I’ve been trying to obtain a very large piece of wood for a project. It turns out that getting a piece of wood that’s 36 inches in diameter and three or four feet long isn’t all that easy if you don’t know an arborist. I got a call from a friend of a friend, somebody who had cut a tree down for a customer and wondered if I was interested in it.
I arranged to go get the trailer that the trunk was on and bring it home to dump the log on my driveway. This is Ash, about 4-1/2 feet long and between 36 and 40 inches in diameter. I estimated the weight at 2,000 lbs. I unloaded it by wrapping a chain around the log and then pulling the trailer out from under it.
My plan for the log is a big carved chair, and the base for a large coffee table. But the first thing was to get it cut into two pieces. My chainsaw is only 16″, so there’s no way I can get even close to a reasonable cut. So I had to get the log onto my trailer and up to the sawmill. Trouble is, I don’t have anything that can lift that kind of weight.
But I do have some simple machines and a little ingenuity.
I positioned my hydraulic jack under the front of the log and jacked it up in small increments, bracing it as I went along.
When I got it high enough, I replaced the hydraulic jack with a farm jack. That solved most of the lifting problem, but I had to be careful to brace the back so the log didn’t roll to one side or the other. It wasn’t difficult to get the log up to the required height and braced securely.
The next morning I hand-positioned the trailer under the log and stated loading. The idea here was to wrap a chain around it and pull it onto the trailer with a hand winch (what we call a “come along”). The only twist was that I didn’t have enough chain. Turns out that a 38-inch diameter log is just short of 10 feet in circumference. I had a 12-foot chain and the cable on the come along isn’t long enough to reach from the front of the trailer to the back. So I had to re-purpose my bicycle lock cable. Plenty strong enough: braided steel cable 3/8″ in diameter.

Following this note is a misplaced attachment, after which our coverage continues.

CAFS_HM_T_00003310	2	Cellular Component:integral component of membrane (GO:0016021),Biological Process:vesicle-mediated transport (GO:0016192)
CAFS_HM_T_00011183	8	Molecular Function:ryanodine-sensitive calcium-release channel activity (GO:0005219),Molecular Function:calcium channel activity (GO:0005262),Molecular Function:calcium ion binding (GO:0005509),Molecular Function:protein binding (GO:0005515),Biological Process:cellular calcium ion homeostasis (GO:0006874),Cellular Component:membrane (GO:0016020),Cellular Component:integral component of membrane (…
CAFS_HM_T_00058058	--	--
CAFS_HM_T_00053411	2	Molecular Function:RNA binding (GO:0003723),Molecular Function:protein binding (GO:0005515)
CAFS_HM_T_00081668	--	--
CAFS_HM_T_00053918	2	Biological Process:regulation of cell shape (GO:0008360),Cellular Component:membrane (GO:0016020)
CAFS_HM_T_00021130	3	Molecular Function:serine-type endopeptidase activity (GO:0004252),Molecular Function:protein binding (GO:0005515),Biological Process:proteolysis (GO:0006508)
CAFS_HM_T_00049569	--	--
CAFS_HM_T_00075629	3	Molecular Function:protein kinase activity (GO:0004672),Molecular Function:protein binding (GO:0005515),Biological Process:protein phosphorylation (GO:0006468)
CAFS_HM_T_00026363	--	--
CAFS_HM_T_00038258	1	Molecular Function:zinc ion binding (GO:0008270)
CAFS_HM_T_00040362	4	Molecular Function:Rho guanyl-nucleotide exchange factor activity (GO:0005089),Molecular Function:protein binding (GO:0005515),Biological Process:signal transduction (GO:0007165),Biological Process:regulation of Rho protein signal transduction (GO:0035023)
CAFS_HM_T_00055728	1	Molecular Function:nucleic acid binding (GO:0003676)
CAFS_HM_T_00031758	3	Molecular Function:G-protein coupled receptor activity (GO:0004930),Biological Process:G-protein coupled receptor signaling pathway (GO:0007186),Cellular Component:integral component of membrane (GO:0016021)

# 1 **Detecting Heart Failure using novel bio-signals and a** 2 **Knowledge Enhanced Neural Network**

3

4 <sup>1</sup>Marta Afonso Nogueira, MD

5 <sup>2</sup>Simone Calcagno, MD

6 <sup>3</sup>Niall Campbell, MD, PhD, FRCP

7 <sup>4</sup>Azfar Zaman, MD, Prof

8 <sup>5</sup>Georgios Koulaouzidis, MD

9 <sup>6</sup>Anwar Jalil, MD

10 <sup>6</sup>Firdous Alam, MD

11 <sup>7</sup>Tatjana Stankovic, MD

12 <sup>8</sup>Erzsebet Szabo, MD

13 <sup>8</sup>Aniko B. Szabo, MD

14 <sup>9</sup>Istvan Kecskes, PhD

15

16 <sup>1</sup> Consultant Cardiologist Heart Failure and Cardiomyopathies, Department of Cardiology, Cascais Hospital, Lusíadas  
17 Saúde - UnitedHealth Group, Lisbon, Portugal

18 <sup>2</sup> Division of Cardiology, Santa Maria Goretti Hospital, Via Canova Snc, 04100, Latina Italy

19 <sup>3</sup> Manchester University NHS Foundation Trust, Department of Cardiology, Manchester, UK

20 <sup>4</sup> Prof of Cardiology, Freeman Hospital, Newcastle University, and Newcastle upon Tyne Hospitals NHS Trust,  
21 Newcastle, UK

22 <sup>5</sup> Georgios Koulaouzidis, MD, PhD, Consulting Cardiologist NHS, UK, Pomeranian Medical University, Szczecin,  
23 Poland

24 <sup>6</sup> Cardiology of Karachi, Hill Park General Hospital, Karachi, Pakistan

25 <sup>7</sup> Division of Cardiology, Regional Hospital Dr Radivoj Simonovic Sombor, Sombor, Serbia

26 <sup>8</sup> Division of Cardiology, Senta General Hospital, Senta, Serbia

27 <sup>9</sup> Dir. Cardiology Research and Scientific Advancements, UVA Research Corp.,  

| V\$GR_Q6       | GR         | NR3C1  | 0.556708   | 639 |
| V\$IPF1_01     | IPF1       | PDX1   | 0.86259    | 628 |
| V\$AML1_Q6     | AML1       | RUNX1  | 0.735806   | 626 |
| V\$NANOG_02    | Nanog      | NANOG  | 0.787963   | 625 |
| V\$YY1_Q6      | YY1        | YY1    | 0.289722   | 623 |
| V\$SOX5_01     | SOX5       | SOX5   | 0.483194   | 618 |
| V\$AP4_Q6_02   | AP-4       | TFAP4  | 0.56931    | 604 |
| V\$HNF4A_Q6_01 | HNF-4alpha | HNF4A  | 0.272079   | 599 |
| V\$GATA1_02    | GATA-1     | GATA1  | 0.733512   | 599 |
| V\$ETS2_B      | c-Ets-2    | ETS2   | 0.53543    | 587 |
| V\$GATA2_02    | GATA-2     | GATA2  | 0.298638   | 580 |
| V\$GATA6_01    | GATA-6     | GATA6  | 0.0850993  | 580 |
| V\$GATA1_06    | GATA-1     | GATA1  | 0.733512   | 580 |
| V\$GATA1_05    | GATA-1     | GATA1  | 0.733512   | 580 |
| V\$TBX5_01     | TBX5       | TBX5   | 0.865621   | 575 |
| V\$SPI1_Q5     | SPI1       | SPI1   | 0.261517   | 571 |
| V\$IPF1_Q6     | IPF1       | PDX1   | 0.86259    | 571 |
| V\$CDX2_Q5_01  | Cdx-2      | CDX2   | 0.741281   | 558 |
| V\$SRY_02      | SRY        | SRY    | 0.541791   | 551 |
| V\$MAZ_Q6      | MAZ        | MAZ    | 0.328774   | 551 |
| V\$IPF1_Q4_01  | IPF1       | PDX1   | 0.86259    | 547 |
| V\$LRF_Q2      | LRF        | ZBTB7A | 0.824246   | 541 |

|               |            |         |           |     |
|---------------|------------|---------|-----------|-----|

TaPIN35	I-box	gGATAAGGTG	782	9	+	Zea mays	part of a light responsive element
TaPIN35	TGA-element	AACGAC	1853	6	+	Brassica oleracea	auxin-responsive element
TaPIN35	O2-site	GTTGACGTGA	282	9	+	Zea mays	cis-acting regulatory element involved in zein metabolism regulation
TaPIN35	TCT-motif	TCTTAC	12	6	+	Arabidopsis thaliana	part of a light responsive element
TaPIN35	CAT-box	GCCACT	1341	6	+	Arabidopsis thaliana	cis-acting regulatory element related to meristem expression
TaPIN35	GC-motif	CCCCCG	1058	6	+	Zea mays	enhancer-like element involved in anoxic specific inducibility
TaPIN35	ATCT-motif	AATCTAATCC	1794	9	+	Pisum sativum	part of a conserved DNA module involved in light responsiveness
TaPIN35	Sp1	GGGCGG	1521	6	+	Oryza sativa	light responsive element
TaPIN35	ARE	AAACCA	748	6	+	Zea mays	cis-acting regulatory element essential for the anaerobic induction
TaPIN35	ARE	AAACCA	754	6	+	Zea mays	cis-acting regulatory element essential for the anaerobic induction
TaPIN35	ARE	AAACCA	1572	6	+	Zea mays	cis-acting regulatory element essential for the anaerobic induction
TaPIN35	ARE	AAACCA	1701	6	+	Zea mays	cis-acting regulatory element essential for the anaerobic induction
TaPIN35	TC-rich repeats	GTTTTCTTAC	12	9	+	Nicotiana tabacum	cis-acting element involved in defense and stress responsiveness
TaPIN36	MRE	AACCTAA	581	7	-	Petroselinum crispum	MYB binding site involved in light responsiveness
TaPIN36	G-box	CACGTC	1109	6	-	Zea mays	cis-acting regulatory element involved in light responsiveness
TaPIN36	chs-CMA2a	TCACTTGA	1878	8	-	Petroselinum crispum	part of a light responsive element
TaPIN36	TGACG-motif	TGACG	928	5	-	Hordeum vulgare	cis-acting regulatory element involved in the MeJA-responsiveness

I made a few mistakes here that I will correct if I ever have to do something like this again. In particular, I should have put jack stands under the back of the trailer. I did eventually, but before I did the weight of the log put a lot of stress on the trailer hitch ball and receiver up front. Had that failed, the back of the trailer would have come down, potentially crushing my foot or anything else that was under it.
After getting the trunk onto the sleds, it was easier than expected to winch it up onto the trailer. I had to disconnect and re-position the winch at one point, and jack up the back so I could get another sled in position, but there weren’t any real surprises.
At this point all I had to do was tie it down for the trip to the sawmill. I suppose I could have done a better job of centering the log over the wheels. The log weighs 2,000 lbs., and the trailer is only rated at 3,500. But it towed okay.
All told, loading this log onto my trailer took about four hours of work, most of which was spent figuring out what to do next. Having never done anything like this, I was extra careful about making sure everything was secure. I didn’t want a ton of wood to come crashing down on me.
Don’t underestimate the power of simple machines. The most complicated piece of equipment I used here was that hydraulic jack, and I could have done without it, substituting a lever and fulcrum. Replacing the farm jack would have been more difficult, but again possible with levers. Nothing I did required a lot of physical effort. The most taxing part of the whole thing was operating the winch. Even so, somebody half my size likely could have done it.